The assertion that two-thirds of the nation approve whom he now pursues to destruction ?
of the acceptance of Mr. Luttrell (for even Old Noll i 7. Did he not take his degrees with credit at |
| he not take his degrees with credit ot | too modest to call it an election) can neither be maint Newmarket, White's, and the opposition ?
tained nor confuted by argument. It is a point of 8. After deserting lord Chatham's principles, and
fact, on which every English gentleman will deter sacrificing his friendship, is he not now closely united
mine for himself. As to lawyers, their profession is with a set of men, who, though they have occasion
supported by the indiscriminate defense of right and ally joined with all parties, have, in every different )
| wrong; and I confess I have not that opinion or situation, and at all times, been equally and con
their knowledge or integrity, to think it necessary stantly detested by this country?
that they should decide for me upon a plain constitu, 9. Has not sir John Moore a pension of five hun
tional question. With respect to the appointment of dred pounds a year? This may probably be an ac
Mr. Luttrell, the chancellor has never yet given any quittance of favors upon the turf: but is it possible
authentic opinion. Sir Fletcher Norton is, indeerle
an honest, a very honest man; and the attorney* The wise duke, about this time, exerted all the influence of the government to procure addresses to satisfy
general is ex officio the guardian of liberty; to take the king of the fidelity of his subjects. They came in very care, I presume, that it shall never break out into a thick from Scotland; but, after the appearance of this * It is hardly necessary to remind the reader of letter, we heard no more of them.
' name of Bradshaw.
criminal excess. Doctor Blackstone is solicitor to Chatham. Charles Townshend took care of his eduthe queen. The doctor recollected that he had a cation at that ambiguous age, which lies between the place to preserve, though he forgot that he had a follies of political childhood and the vices of puberty. reputation to lose. We have now the good fortune The empire of the passions soon succeeded. His to understand the doctor's principles as well as earliest principles and connections were of course forwritings. For the defense of truth, of law, and gotten or despised. The company he has lately kept reason, the doctor's book may be safely consulted ; / has been of no service to his morals; and, in the but whoever wishes to cheat a neighbor of his es- conduct of public affairs, we see the character of his tate, or to rob a country of its rights, need make no time of life strongly distinguished. An obstinate, scruple of consulting the doctor himself.
ungovernable self-sufficiency plainly points out to The example of the English nobility may, for us that state of imperfect maturity at which the aught I know, sufficiently justify the duke of Graf- graceful levity of youth is lost, and the solidity of ton, when he indulges his genius in all the fashion-experience not yet acquired. It is possible the able excesses of the age : yet, considering his rank young man may, in time, grow wiser, and reform ; and station, I think it would do him more honor to but if I understand his disposition, it is not of such be able to deny the fact, than to defend it by such corrigible stuff that we should hope for any amendauthority. But if vice itself could be excused, there is ment in him, before he has accomplished the deyet a certain display of it, a certain outrage to destruction of his country. Like other rakes, he may, cency, and violation of public decorum, which, for the perhaps, live to see his error, but not until he has benefit of society, should never be forgiven. It is not ruined his estate. that he kepta mistress at home, but that he constantly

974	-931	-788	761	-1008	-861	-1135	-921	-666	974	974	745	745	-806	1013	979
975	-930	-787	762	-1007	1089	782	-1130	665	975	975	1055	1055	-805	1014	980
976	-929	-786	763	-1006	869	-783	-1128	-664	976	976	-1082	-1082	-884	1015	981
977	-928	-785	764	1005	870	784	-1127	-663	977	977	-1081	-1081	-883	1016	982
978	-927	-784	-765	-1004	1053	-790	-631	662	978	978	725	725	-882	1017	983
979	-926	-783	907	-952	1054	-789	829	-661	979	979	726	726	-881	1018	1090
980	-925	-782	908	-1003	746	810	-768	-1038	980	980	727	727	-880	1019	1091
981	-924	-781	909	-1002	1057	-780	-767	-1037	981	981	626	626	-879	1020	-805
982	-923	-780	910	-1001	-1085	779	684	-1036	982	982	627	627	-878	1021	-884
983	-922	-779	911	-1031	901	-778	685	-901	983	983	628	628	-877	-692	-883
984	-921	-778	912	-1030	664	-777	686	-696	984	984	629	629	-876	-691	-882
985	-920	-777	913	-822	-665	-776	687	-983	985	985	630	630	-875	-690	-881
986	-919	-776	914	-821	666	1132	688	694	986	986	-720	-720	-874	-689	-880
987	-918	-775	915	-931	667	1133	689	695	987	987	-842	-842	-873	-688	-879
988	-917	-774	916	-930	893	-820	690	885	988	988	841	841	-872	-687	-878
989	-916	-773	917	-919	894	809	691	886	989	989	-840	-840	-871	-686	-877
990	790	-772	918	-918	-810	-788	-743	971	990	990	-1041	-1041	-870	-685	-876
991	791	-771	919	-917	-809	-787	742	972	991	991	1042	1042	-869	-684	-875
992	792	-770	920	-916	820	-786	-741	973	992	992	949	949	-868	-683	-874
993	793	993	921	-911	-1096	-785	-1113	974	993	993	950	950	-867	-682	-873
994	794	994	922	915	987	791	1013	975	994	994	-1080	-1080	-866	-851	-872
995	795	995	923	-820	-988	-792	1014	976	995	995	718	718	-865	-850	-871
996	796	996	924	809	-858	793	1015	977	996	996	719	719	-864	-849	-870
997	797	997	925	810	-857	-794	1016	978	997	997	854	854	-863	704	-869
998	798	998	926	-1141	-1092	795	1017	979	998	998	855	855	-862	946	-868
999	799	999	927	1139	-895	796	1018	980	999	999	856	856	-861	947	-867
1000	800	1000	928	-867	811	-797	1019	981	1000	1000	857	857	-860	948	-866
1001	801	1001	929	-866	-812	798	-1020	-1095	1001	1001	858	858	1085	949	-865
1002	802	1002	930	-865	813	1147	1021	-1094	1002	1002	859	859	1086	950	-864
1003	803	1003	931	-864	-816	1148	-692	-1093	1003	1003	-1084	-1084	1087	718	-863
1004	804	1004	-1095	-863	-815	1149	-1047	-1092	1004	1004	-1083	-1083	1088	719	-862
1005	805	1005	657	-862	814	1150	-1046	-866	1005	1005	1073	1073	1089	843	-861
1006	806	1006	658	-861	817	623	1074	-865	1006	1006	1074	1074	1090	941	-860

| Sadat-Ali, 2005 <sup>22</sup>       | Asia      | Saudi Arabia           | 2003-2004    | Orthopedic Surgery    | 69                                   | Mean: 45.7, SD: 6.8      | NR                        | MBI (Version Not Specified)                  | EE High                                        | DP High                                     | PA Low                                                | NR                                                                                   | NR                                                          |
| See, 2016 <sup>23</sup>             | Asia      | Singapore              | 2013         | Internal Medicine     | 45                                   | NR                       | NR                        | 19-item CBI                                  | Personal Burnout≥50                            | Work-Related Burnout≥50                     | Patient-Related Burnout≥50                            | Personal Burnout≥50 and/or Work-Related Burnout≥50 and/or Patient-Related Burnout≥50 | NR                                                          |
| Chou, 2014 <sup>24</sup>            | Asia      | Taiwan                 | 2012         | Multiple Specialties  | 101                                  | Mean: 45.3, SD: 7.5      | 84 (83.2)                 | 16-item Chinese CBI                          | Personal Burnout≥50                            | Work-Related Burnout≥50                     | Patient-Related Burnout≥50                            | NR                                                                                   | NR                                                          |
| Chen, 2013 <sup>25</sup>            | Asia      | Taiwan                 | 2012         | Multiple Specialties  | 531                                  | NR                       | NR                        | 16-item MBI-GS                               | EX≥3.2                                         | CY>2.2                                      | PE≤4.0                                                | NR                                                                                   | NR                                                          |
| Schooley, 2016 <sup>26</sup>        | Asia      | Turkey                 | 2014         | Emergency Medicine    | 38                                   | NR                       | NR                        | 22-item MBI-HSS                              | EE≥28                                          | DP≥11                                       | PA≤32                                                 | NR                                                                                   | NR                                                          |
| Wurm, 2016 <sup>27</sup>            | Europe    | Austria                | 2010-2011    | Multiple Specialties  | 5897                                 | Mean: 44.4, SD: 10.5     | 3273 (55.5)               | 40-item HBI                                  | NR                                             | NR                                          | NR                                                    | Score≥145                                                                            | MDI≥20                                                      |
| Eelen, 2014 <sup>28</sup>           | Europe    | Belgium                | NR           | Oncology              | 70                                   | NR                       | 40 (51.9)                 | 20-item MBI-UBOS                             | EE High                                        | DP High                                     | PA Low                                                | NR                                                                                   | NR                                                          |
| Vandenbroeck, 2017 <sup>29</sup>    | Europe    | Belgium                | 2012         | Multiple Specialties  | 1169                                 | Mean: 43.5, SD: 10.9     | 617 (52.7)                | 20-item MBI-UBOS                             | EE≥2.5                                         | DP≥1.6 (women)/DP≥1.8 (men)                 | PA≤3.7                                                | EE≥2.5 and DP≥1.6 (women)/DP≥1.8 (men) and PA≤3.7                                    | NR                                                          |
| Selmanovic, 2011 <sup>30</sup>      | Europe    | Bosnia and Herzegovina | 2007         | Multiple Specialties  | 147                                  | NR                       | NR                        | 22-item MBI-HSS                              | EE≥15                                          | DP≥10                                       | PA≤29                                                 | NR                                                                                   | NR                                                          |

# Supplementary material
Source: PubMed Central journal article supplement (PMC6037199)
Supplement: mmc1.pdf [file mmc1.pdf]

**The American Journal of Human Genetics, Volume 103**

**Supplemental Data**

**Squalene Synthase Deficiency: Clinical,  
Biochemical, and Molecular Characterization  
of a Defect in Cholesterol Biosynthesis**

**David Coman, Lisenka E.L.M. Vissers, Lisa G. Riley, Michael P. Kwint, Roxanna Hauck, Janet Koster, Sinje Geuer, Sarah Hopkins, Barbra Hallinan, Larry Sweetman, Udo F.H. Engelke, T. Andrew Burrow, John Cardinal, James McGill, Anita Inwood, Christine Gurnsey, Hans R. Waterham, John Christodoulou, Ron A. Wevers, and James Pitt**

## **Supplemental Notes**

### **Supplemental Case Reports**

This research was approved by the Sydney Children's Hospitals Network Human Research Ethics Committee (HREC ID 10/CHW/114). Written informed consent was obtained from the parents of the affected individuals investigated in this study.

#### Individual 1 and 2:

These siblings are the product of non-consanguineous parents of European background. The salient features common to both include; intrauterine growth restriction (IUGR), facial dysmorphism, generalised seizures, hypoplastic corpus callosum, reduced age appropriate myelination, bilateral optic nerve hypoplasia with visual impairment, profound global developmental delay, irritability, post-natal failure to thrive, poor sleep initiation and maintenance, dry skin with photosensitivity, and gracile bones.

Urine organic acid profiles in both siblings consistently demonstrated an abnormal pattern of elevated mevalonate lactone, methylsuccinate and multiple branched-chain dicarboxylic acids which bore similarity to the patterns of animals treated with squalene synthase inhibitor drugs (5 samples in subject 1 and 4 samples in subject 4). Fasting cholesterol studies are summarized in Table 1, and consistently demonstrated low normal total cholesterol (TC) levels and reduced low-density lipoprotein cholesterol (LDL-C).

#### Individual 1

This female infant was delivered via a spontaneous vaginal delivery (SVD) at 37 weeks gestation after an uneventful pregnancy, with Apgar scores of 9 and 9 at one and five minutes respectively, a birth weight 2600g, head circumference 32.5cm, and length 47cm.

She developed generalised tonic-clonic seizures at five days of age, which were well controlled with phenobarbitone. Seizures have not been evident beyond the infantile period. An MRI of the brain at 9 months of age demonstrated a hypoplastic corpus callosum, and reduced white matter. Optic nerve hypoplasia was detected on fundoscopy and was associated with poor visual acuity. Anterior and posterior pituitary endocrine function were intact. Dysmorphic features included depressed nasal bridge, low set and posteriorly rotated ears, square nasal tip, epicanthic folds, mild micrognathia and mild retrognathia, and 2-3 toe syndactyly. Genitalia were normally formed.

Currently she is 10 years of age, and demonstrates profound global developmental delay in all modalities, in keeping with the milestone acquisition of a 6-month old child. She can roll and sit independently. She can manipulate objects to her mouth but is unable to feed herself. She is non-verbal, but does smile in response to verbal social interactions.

PHILO JUNIUS. attended her abroad. It is not the private indulgence, but the public insult, of which I complain. The name of Miss Parsons would hardly have been known, if the
LETTER XV. first lord of the treasury had not led her in triumph through the opera-house, even in the presence of the
TO HIS GRACE THE DUKE OF GRAFTON queen. When we see a man act in this manner, we MY LORD,
July 8, 1769. may admit the shameless deprurity of his heart; but If nature had given you an understanding qualiwhat are we to think of his understanding?
fied to keep pace with the wishes and principles of His grace, it seems, is now to be a regular, domestic your heart, she would have made you, perhaps, the man; and, as an omen of the future delicacy and most formidable minister that ever was employed, correctness of his conduct, he marries a first cousin under a limited monarch, to accomplish the ruin of a of the man who had fixed that mark and title of in- free people. When neither the feelings of shame, the famy upon him, which, at the same moment, makes reproaches of conscience, nor the dread of punisha husband unhappy and ridiculous. The ties of ment, form any bar to the designs of a minister, the consanguinity may possibly preserve him from the people would have too much reason to lament their same fate a second time; and as to the distress of condition, if they did not find some resource in the meeting, I take for granted, the venerable uncle of weakness of his understanding. We owe it to the these common cousins has settled the etiquette in | bounty of Providence, that the completest depravity such a manner, that, if a mistake should happen, it of the heart is sometimes strangely united with a may reach no further than from madame ma femme to confusion of the mind, which counteracts the most madame ma cousine.